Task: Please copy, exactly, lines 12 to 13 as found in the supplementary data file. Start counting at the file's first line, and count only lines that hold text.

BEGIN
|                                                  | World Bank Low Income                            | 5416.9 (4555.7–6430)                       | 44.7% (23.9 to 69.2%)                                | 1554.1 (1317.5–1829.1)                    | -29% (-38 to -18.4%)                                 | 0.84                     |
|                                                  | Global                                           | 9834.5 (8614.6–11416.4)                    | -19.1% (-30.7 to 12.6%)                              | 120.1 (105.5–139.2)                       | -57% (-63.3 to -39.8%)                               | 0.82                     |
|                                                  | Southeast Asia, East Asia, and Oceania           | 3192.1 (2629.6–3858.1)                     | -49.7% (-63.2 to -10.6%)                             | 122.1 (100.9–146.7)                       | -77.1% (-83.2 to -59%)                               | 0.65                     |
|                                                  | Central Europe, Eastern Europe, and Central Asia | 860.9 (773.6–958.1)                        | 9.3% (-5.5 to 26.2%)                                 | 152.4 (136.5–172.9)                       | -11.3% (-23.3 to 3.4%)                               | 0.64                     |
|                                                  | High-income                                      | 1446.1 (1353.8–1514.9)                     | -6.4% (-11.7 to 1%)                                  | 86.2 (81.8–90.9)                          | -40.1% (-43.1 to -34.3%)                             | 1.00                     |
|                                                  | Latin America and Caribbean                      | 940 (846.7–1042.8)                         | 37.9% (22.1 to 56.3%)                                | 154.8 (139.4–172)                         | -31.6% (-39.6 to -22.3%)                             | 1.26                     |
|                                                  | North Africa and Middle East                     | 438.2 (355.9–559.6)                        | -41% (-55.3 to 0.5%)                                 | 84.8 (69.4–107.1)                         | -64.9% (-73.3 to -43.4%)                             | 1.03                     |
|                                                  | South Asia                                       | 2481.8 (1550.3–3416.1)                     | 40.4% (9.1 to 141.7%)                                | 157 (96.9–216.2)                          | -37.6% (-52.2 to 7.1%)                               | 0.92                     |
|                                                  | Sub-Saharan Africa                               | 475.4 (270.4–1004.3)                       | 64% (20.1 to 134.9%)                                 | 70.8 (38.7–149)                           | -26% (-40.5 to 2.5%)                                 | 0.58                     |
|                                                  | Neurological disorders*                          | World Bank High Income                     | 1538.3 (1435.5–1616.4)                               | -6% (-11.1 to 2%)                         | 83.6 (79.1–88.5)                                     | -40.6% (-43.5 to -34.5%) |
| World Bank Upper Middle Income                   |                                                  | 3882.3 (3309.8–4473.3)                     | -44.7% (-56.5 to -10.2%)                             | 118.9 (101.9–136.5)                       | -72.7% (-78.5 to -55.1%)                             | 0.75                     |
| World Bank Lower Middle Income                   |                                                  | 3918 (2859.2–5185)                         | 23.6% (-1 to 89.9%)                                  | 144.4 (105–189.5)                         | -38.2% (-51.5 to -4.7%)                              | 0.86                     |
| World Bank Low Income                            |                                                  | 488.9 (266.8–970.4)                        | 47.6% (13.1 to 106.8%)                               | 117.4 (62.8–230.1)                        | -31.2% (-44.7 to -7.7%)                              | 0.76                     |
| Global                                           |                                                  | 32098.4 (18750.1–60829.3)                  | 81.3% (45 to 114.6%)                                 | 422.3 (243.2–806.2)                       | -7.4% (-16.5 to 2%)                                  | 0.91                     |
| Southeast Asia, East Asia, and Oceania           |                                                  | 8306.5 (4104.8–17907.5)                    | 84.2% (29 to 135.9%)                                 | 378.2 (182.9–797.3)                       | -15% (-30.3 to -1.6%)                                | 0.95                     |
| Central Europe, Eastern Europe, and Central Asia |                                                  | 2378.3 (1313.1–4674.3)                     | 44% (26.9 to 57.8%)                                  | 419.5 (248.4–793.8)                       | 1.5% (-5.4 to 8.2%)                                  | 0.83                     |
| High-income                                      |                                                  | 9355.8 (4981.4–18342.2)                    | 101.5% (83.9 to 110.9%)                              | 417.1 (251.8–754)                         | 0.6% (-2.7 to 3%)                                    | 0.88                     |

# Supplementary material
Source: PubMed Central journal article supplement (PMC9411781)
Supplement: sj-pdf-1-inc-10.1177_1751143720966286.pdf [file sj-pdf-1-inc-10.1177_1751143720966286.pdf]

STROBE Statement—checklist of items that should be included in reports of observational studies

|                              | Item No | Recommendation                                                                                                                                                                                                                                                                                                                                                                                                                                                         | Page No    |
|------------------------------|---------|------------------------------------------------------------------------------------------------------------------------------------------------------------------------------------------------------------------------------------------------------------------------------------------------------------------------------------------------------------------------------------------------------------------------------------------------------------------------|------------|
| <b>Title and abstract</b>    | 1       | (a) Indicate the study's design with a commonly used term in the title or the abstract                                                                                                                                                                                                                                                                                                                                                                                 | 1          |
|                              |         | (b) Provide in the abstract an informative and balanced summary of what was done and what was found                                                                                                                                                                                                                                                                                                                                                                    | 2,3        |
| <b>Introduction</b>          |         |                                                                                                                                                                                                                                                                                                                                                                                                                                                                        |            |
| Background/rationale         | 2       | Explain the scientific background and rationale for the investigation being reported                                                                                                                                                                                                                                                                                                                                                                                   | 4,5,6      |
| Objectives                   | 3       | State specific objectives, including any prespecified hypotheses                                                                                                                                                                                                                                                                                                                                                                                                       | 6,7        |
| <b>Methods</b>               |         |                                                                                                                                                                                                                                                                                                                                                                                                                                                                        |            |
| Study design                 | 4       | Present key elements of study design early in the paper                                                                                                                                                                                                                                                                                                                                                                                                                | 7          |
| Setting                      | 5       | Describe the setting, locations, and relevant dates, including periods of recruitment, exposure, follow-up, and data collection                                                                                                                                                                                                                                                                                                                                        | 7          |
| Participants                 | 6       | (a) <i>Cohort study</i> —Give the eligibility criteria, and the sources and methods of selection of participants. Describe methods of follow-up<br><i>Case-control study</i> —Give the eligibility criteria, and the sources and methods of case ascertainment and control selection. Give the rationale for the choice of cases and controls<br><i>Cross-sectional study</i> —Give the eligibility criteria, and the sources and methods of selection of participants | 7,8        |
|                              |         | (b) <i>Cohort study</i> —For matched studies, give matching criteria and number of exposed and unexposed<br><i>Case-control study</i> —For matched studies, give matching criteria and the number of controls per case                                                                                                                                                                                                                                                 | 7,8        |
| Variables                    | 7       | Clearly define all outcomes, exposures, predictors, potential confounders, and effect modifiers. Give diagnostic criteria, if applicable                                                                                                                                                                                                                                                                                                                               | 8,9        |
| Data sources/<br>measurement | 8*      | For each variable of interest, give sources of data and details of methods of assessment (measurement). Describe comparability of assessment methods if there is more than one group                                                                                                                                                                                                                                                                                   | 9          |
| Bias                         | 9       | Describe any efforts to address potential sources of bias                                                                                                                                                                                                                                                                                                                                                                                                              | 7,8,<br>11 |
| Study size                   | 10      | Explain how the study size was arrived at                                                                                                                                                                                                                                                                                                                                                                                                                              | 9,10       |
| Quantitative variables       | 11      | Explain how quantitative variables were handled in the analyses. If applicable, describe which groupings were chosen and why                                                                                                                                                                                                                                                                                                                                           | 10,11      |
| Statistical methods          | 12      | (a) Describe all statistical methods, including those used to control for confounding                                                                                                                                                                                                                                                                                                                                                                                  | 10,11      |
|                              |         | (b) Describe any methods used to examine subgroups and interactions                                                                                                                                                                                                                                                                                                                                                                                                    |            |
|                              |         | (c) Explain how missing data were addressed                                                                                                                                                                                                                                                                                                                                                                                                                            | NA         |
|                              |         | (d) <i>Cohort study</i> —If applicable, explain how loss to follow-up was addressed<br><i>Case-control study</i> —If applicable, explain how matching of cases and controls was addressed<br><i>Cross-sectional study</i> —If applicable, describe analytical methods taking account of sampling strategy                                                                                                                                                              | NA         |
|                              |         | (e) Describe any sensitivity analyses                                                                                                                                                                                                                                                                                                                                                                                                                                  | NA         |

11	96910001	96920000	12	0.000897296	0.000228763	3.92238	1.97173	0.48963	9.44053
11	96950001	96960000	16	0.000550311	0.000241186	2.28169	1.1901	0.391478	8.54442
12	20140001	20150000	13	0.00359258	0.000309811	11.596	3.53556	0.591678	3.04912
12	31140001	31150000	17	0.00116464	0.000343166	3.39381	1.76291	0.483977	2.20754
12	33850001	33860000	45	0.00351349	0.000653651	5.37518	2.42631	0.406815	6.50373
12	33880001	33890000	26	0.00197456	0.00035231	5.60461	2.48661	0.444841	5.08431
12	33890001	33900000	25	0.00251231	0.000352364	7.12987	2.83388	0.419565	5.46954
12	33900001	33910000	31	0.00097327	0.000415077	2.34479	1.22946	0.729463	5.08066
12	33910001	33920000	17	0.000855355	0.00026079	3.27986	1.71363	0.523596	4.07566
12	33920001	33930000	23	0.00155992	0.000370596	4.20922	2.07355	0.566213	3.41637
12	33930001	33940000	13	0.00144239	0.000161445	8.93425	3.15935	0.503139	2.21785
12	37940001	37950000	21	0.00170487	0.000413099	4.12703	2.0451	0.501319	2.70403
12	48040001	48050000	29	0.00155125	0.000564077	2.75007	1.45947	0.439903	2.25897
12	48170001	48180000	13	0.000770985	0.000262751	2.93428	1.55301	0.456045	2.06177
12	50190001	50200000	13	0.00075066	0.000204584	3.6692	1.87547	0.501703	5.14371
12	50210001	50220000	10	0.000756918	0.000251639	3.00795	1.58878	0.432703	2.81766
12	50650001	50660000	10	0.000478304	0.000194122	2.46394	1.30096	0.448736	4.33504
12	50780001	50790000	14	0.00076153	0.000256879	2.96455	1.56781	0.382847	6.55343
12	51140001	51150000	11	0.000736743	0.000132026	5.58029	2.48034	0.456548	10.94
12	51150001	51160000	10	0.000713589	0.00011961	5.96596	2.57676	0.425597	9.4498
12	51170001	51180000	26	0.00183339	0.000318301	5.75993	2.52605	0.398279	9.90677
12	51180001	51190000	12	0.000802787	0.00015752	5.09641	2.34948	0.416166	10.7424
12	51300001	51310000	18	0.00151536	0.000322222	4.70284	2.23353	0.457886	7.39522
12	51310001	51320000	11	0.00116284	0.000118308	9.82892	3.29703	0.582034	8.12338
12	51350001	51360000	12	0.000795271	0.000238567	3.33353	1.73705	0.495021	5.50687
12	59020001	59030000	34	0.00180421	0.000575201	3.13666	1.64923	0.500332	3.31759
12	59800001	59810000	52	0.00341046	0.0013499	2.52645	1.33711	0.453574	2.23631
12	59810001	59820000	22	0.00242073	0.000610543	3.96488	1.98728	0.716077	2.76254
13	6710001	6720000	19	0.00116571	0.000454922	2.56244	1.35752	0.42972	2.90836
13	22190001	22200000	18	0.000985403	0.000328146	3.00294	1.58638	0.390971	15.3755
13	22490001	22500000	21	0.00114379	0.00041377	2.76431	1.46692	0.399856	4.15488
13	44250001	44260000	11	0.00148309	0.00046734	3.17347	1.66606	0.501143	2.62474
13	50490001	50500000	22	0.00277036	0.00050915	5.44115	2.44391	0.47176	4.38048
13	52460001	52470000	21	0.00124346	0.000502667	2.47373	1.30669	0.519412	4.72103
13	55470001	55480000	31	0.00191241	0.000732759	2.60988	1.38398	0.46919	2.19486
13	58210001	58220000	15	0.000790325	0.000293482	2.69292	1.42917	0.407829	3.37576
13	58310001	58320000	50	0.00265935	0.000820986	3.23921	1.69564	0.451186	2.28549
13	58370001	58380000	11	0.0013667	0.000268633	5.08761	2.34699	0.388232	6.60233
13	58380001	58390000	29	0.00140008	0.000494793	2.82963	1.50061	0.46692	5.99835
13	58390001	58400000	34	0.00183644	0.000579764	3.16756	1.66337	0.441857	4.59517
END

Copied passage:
| World Bank Lower Middle Income                   |                                                  | 3918 (2859.2–5185)                         | 23.6% (-1 to 89.9%)                                  | 144.4 (105–189.5)                         | -38.2% (-51.5 to -4.7%)                              | 0.86                     |
| World Bank Low Income                            |                                                  | 488.9 (266.8–970.4)                        | 47.6% (13.1 to 106.8%)                               | 117.4 (62.8–230.1)                        | -31.2% (-44.7 to -7.7%)                              | 0.76                     |